My colleagues, Mette Allermand, Anna Brodersen, Carsten Lund Rasmussen, and I have an extended summary accepted for the SFI VET Congress 2017. The congress takes place at the Swiss Federal Institute for Vocational Education and Training (SFIVET) in Bern/Zollikofen, Switzerland from March 14-16 2017. The theme of the congress is Unleashing the creative potential of VET, and Danish Professor, Lene Tanggaard Pedersen is one of the keynote speakers.
Our extended summary is entitled Technology-mediated Boundary Objects and Boundary Crossing in Vocational Education and Training – an instructional design model, and the abstract reads as follows:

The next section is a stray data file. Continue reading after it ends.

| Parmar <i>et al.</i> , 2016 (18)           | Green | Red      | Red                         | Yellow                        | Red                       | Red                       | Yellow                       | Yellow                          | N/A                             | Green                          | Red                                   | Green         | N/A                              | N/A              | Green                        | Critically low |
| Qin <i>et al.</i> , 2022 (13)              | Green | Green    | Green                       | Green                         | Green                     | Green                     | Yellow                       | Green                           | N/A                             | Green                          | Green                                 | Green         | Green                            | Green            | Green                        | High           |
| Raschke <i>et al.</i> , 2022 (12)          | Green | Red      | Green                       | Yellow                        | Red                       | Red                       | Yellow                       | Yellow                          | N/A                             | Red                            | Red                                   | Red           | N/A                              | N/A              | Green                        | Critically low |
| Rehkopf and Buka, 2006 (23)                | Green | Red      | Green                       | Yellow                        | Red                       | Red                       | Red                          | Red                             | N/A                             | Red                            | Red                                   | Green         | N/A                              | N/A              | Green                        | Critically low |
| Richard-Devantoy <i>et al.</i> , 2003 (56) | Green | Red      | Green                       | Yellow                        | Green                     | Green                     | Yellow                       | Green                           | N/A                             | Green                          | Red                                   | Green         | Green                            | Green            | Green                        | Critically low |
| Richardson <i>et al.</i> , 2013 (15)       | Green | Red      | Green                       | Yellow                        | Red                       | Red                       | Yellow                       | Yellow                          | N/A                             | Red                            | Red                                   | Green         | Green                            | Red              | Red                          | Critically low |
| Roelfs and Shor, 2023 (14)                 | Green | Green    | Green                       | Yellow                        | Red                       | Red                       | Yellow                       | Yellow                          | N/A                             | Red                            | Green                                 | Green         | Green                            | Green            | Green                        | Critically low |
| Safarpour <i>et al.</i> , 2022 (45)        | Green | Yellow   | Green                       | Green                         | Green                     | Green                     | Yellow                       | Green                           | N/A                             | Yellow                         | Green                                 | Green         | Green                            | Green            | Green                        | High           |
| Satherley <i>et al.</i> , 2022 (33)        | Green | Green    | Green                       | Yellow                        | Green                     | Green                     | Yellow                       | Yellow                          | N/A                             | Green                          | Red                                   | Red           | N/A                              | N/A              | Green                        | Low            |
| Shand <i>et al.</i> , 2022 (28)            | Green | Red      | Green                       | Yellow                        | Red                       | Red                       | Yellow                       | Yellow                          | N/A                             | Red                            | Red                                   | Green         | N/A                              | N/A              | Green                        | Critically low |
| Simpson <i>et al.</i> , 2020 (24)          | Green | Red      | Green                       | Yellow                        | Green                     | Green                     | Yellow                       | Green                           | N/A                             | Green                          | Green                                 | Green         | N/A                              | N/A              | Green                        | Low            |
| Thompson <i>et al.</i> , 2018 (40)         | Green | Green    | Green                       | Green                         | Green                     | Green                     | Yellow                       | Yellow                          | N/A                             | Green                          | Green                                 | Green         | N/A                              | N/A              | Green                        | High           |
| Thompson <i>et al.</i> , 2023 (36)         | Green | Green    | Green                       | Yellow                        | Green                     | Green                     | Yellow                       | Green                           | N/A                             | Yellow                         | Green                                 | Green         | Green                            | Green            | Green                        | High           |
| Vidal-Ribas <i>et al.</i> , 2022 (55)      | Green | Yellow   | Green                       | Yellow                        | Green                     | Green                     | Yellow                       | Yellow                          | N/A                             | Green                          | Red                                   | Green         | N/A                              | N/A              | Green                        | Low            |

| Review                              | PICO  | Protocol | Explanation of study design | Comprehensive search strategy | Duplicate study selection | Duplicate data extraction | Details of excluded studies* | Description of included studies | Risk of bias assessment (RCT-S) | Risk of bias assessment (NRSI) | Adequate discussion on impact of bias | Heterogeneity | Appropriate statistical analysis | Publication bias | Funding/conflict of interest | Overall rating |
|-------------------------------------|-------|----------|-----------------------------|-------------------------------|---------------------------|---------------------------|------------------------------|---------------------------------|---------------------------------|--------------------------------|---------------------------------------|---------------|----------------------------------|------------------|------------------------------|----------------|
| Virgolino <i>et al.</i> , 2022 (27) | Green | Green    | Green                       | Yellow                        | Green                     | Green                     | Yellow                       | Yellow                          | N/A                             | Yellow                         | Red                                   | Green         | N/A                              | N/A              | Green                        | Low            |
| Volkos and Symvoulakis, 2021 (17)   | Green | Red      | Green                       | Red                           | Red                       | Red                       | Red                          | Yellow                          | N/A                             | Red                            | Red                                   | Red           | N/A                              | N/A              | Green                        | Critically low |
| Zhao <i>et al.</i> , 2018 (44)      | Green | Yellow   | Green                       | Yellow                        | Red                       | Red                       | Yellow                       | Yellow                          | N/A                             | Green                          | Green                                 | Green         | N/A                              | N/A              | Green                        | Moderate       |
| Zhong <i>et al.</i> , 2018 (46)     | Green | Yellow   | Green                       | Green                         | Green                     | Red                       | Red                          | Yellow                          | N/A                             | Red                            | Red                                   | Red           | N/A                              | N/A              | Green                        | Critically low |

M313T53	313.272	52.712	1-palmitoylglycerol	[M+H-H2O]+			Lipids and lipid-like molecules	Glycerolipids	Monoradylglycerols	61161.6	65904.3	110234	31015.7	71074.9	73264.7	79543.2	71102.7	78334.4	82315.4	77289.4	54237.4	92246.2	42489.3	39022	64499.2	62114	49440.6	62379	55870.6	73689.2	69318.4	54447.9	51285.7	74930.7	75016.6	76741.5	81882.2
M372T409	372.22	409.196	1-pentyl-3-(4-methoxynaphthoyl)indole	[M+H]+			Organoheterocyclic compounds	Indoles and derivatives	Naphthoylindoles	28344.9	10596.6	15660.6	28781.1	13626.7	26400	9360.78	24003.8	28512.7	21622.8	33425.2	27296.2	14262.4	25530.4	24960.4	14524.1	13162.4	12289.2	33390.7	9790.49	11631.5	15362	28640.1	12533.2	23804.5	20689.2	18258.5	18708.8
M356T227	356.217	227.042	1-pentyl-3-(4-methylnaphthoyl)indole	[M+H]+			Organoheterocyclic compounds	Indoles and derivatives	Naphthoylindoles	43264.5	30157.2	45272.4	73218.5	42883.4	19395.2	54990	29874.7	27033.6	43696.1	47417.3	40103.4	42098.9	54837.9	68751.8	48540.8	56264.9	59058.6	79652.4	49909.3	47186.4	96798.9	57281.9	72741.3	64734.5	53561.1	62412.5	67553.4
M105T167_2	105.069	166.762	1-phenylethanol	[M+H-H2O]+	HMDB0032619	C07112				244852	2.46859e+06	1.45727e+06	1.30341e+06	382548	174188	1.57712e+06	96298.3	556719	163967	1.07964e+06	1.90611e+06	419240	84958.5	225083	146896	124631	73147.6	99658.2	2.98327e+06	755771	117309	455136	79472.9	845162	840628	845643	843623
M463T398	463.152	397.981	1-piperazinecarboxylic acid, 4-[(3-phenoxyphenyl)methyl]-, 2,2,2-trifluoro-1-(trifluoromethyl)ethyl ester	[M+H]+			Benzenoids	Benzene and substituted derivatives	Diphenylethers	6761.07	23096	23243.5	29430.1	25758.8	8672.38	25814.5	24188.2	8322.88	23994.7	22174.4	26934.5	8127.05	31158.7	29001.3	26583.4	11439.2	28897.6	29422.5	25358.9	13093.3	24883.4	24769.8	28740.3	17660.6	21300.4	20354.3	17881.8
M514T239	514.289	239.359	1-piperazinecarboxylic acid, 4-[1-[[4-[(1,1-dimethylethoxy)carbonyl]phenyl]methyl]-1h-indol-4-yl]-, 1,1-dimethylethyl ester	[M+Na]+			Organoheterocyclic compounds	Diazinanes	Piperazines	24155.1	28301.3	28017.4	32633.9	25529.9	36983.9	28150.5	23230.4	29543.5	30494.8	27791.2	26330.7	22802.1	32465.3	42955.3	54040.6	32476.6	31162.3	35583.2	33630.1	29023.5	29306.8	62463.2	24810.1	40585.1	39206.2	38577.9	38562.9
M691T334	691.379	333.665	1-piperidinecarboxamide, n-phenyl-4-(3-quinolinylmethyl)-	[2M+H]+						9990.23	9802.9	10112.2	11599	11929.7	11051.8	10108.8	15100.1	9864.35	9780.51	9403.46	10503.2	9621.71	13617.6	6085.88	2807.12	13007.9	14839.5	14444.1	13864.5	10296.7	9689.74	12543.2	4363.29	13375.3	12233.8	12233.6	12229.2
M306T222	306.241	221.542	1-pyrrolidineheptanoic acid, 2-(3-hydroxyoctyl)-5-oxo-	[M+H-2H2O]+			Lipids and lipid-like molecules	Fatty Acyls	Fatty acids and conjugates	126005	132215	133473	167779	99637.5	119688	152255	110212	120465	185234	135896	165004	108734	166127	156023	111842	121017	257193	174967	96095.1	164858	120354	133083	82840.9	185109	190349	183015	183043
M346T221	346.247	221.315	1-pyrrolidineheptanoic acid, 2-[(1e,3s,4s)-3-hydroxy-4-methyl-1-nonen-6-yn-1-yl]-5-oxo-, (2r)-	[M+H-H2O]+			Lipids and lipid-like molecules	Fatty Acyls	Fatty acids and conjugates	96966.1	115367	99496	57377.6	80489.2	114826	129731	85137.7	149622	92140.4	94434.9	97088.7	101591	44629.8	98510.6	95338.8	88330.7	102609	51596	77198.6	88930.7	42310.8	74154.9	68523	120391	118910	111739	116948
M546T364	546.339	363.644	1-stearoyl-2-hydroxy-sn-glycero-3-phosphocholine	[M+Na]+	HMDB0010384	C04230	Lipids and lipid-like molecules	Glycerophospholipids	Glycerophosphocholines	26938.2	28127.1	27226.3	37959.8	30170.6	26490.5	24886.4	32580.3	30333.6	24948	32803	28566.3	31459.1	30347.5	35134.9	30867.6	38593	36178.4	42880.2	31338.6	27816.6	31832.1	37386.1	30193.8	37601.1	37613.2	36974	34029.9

In this extended summary, we propose an instructional design model aimed at using technology-mediated boundary objects and boundary crossing processes in vocational education and training. The model is based on preliminary findings from a current research project (2015-2017) on vocational teachers’ perceptions of transfer and boundary crossing and their use of information and communication technology (ICT) in relation to such processes. Theoretically the model is inspired by Akkerman & Bakker’s (2011) proposal of four dialogical learning processes, which are attributed boundary crossing potential. Empirically the model has been field validated among Danish vocational teachers attending continuing professional development courses at The Metropolitan University College in Denmark. While the instructional design model has been positively received among the vocational teachers, we still consider it to be a work-in-progress, and further research on how to scaffold the use of the model is needed.